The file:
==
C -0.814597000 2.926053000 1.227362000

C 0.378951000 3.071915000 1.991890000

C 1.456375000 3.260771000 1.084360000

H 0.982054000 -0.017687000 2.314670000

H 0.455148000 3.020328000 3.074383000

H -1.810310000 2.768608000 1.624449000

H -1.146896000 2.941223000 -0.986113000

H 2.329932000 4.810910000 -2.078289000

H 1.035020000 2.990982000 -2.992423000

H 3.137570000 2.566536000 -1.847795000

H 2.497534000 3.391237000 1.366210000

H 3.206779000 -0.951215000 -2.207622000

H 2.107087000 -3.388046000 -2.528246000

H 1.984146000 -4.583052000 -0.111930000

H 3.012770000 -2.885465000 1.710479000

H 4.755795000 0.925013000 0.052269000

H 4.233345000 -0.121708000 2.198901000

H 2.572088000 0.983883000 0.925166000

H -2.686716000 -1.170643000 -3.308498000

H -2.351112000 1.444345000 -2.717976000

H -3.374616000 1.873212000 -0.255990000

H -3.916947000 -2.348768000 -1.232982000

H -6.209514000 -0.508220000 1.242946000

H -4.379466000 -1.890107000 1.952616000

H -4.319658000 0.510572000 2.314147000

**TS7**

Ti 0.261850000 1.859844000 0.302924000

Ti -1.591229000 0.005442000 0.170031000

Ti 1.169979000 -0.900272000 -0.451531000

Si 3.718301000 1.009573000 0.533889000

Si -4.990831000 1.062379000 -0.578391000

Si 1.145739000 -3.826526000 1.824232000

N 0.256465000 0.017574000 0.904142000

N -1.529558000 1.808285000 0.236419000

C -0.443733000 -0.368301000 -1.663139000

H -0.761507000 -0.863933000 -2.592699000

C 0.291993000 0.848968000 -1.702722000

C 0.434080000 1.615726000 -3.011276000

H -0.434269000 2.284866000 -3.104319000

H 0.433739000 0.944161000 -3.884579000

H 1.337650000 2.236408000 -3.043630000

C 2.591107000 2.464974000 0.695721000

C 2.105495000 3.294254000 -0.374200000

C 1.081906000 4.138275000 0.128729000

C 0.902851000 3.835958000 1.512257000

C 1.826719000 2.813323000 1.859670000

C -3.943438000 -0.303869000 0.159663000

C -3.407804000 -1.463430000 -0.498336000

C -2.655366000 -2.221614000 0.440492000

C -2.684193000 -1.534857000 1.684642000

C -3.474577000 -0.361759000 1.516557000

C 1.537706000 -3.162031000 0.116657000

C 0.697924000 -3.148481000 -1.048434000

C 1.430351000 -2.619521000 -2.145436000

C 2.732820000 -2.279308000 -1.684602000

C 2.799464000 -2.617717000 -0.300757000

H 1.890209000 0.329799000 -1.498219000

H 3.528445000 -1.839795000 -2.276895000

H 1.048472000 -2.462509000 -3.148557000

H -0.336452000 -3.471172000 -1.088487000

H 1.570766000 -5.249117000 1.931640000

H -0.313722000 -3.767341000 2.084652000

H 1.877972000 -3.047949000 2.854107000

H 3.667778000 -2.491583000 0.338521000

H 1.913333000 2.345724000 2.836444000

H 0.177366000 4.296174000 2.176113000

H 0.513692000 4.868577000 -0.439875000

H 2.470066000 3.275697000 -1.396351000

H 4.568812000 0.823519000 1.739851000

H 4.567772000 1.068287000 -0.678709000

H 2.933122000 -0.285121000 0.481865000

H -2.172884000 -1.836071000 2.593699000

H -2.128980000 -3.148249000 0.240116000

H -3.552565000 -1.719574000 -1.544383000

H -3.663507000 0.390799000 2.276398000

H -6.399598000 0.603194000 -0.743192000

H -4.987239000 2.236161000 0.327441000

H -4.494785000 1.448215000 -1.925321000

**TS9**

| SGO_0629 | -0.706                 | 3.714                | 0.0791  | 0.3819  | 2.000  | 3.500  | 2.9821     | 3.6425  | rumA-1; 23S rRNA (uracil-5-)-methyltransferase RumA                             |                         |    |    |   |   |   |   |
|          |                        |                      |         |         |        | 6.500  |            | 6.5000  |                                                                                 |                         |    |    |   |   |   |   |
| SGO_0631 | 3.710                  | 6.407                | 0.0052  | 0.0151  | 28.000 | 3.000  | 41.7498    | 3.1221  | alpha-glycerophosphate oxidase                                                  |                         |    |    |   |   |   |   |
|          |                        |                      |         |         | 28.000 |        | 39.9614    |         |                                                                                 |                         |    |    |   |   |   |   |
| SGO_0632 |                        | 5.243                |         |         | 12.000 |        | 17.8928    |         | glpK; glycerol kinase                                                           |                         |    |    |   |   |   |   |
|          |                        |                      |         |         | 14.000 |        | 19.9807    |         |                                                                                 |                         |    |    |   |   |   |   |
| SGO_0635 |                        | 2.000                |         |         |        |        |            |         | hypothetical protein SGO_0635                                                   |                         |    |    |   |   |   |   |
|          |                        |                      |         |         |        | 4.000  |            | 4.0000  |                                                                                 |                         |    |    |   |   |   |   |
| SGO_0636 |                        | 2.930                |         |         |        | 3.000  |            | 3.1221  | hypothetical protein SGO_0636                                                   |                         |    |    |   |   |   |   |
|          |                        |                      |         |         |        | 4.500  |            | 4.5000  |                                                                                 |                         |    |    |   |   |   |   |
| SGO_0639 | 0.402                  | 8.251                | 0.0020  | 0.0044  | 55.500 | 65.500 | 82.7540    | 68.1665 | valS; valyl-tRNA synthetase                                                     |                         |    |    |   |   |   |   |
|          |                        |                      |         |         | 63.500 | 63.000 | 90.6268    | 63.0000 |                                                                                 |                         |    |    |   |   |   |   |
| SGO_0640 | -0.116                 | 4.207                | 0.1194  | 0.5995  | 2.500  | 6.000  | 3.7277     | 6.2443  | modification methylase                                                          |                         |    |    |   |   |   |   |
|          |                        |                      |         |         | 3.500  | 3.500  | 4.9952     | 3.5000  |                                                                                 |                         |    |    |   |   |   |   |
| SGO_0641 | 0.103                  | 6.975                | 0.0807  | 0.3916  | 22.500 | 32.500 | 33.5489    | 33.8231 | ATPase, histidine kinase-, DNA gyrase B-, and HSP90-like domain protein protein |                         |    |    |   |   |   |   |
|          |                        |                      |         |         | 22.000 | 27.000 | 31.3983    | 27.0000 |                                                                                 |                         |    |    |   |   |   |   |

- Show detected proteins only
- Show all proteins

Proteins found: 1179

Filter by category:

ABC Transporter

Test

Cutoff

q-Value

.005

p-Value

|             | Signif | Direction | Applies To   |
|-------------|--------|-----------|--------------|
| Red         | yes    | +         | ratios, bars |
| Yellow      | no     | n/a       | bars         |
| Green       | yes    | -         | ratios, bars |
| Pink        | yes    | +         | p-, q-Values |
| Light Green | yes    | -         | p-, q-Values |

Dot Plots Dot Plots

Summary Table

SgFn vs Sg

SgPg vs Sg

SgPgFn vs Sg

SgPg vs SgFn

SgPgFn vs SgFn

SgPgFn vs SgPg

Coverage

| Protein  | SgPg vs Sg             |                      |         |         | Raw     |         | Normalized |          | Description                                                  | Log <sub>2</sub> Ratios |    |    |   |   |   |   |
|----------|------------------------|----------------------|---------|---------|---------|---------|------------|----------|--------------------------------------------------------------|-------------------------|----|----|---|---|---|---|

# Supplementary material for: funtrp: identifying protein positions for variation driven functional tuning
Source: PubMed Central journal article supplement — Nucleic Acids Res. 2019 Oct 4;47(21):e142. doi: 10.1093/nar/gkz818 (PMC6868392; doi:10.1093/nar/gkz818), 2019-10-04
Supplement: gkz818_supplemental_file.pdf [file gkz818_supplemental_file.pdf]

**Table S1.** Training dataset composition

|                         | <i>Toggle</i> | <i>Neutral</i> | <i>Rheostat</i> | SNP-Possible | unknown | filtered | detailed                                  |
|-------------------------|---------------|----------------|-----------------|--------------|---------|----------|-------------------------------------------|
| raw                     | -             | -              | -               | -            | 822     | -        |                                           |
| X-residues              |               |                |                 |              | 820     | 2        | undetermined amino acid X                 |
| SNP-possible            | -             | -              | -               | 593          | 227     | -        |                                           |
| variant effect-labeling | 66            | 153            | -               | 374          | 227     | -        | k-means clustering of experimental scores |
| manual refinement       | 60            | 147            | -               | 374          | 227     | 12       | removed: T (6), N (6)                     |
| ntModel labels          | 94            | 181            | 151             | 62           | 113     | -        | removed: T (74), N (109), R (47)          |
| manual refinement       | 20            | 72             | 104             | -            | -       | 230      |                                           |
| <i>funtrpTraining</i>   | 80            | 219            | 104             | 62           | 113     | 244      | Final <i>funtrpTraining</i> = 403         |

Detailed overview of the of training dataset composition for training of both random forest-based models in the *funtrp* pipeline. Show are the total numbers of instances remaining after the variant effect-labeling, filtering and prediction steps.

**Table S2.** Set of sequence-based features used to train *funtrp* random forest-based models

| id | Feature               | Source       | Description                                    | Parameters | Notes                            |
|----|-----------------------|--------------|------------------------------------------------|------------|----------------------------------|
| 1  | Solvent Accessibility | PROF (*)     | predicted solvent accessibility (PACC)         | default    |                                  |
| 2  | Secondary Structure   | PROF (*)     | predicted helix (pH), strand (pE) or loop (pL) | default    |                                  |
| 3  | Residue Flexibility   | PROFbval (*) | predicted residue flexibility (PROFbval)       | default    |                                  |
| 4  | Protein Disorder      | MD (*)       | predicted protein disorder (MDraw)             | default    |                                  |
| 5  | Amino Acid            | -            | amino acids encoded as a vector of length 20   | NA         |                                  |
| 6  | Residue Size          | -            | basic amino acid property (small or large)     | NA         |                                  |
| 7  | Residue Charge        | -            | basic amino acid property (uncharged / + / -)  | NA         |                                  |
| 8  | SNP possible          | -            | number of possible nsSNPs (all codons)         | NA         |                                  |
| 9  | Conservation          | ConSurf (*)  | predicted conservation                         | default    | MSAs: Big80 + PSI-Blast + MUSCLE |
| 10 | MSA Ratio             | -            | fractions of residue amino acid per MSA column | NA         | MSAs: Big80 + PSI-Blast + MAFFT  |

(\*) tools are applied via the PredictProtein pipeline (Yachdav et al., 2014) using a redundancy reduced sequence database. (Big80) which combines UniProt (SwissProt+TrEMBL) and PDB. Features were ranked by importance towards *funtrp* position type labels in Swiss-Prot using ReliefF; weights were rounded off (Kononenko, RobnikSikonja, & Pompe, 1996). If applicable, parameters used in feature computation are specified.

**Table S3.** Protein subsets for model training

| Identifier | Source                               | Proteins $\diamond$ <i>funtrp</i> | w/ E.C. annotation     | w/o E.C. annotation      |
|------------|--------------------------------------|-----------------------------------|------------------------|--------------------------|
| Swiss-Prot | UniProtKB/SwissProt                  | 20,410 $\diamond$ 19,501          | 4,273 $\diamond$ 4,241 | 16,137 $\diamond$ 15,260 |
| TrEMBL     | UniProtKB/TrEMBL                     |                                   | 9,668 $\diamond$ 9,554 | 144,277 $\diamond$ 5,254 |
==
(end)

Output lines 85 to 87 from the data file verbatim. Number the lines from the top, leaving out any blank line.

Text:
|          |                        |                      |         |         | 14.000 |        | 19.9807    |         |                                                                                 |                         |    |    |   |   |   |   |
| SGO_0635 |                        | 2.000                |         |         |        |        |            |         | hypothetical protein SGO_0635                                                   |                         |    |    |   |   |   |   |
|          |                        |                      |         |         |        | 4.000  |            | 4.0000  |                                                                                 |                         |    |    |   |   |   |   |